Original Release Year: 1974
Running Time: 113 minutes
Aspect Ratio: 1.78:1
Audio: English (DTS-HD Master Audio 5.1, DTS-HD Master Audio 2.0 Mono)
Subtitles: English, English (SDH), Spanish
An Important Note About This Release: Loading issues were found on this title when played back on a Panasonic BD60 Blu-ray player with current firmware. Disc load times from insertion to main menu averaged around 2 minutes, while movie load times (from the point of selecting Play Movie to when the movie actually began playing) where as long as 5 minutes. These issues were non-existent when played back on a Sony PlayStation 3 Slim. Both Panasonic and Lionsgate were apparently unaware of this issue when this reviewer contacted their respective Blu-ray Customer Support departments, with Panasonic indicating that “some Blu-ray CD’s take a long time to load” and Lionsgate saying that they would investigate the issue.
Movie: 4.5 out of 5
Francis Ford Coppola’s The Conversation opens with an aerial shot of San Francisco’s Union Square, setting the tone of eavesdropping in this 1974 mystery thriller. Gene Hackman plays the paranoid and very private Harry Caul, who lives behind a triple-locked door to his apartment, uses payphones for out-going calls, and sees his work as only a job, claiming no responsibility for whatever he uncovers. At least, that’s until he becomes obsessed with the recording made in Union Square, fearing that harm may come to the young couple if the tapes are turned over to the man who hired him (an uncredited cameo by Robert Duvall).
The film does not follow convention, where the audience would expect the focus to be on the young couple and the mystery surrounding the recording. Instead, the focus is entirely on Caul, as we eavesdrop on his private life. Early on, we see Caul getting upset with a neighbor that has slipped a bottle of wine inside his apartment to wish him a happy birthday (getting past the three deadbolts and alarm system), meet his secretive girlfriend (Terri Garr) who desperately wants to know more about him and ultimately leaves him, and how he keeps his co-workers at an arm’s length even in sharing some of the technology Caul invented.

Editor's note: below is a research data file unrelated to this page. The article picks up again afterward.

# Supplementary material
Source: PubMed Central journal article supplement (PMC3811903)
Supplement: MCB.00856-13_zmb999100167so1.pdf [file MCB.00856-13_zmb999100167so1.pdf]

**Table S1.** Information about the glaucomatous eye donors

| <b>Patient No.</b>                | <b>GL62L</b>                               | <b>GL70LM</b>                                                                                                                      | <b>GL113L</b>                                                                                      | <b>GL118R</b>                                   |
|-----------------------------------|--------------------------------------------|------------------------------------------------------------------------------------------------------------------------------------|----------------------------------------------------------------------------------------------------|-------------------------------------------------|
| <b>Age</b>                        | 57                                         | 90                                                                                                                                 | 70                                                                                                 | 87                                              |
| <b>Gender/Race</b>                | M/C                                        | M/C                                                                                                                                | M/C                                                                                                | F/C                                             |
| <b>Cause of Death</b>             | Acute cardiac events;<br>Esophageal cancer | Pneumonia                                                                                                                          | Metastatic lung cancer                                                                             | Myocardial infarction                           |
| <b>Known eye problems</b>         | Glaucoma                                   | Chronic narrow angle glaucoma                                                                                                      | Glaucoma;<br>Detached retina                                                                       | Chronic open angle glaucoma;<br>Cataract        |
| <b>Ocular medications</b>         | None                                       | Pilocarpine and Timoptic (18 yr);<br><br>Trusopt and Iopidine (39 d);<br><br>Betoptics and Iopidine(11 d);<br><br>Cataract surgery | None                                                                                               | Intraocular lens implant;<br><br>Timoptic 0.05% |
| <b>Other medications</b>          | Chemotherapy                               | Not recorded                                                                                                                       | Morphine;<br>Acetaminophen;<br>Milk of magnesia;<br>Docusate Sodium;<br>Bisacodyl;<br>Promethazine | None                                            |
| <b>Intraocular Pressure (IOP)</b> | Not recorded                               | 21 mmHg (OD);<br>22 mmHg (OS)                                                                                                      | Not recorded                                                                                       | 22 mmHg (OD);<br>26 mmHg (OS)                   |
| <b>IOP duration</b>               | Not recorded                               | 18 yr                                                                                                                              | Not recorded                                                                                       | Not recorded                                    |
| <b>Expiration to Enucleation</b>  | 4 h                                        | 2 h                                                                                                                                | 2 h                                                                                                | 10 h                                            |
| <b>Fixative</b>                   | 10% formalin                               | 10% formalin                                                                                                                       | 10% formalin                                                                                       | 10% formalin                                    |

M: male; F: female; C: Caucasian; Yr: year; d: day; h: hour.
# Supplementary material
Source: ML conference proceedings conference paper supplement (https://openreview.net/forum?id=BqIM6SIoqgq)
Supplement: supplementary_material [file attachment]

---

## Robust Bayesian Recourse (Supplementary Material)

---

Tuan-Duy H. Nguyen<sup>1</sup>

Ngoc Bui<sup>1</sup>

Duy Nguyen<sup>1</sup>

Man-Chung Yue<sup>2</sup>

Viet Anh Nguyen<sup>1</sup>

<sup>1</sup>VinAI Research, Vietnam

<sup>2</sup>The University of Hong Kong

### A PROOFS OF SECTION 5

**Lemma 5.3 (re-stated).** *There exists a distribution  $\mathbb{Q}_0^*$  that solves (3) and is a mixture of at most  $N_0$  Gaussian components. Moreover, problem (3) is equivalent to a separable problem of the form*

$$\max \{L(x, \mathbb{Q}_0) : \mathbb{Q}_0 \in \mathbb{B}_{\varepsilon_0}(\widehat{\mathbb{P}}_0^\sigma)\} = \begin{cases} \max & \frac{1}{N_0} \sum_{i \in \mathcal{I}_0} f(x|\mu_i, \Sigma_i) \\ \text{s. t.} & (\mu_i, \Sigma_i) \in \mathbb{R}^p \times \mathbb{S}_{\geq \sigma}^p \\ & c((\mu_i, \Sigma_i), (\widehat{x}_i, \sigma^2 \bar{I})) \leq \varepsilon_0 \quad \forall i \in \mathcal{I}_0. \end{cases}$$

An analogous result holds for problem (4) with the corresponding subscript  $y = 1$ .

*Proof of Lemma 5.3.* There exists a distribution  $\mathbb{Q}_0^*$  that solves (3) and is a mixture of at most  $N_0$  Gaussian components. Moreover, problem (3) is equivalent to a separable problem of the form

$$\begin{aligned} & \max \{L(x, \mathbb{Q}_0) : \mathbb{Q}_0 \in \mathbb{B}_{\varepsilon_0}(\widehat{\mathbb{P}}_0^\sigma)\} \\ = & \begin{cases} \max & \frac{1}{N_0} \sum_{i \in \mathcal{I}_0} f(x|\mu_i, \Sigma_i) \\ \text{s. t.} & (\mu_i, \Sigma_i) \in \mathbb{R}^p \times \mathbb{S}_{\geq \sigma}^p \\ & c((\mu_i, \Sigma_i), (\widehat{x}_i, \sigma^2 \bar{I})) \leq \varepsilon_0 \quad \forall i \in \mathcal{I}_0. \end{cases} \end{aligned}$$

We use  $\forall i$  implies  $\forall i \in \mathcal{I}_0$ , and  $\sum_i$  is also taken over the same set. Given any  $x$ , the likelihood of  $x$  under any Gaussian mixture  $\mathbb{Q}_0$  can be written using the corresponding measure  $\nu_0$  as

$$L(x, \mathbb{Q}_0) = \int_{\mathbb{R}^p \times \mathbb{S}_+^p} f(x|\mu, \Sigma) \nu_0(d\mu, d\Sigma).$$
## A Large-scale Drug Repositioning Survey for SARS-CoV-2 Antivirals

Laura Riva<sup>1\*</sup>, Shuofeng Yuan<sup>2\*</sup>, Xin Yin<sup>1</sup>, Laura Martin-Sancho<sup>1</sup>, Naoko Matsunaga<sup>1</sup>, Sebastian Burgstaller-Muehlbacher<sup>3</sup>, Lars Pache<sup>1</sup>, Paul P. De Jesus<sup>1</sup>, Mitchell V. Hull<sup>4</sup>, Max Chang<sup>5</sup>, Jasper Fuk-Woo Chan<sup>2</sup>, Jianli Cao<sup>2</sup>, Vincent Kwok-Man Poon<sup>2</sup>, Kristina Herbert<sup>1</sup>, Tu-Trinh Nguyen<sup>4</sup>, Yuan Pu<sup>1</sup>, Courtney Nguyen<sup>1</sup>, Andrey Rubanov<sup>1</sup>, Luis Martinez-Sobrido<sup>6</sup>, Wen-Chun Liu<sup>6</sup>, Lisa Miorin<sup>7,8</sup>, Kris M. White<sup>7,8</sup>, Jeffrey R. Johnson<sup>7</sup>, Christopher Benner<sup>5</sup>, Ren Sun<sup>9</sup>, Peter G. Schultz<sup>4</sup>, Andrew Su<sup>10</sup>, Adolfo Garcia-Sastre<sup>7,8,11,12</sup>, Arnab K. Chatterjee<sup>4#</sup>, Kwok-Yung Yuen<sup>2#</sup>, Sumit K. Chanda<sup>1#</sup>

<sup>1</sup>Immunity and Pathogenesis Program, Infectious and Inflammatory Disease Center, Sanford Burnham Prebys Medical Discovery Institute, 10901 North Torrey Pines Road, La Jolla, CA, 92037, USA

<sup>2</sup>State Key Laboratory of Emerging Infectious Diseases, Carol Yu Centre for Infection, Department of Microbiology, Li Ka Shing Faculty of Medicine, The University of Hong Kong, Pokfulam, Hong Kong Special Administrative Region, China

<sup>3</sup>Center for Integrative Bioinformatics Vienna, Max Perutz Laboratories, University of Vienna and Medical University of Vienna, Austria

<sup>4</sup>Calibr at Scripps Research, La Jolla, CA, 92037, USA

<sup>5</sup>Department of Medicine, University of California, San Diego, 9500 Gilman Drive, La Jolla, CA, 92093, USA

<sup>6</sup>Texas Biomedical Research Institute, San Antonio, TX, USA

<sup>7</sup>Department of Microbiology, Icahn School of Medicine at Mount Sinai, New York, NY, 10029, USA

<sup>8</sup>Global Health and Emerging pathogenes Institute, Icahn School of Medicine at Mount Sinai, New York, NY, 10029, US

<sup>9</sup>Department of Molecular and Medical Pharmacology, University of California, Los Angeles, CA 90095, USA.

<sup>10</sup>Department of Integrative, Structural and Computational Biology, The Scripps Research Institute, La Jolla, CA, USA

Legendary editor and sound designer Walter Murch heightens the sense of paranoia and voyeurism by purposely distorting portions of the recording and repeating those sequences without the audience growing tired of them, keeping that mystery in the backs of our minds. Director of Photography Bill Butler shot most of this film (replacing original DP Haskell Wexler) as if it were photographed by an automated security camera, keeping the frame static, allowing action to move out of frame and slowly catching up with the action moments later.
In addition to Cindy Williams and Frederic Forrest, the film also features a very young Harrison Ford (hot off of George Lucas’ American Graffiti) as “The Director’s” personal assistant, a role that was expanded when Coppola was impressed with what Ford brought to the (originally minor) character. The Conversation is much closer to the types of films Coppola envisioned making at American Zoetrope than the more commercially successful Godfather films.
Video: 4 out of 5
The 1080p transfer on this disc (using the AVC codec) approximates the film’s original theatrical aspect ratio, opening it up slightly to 1.78:1. The style of the photography may cause casual viewers to believe that this could have been a better transfer, but The Conversation is a perfect example of 1970s independent film making at its finest. Many of the soft and/or grainy images are intentional, and the transfer allows Blu-ray to do what it does best - replicate how the film would look in a theater. Colors are consistent, as are black levels, and detail is excellent. In the wrong hands, this catalog title could have been a disaster.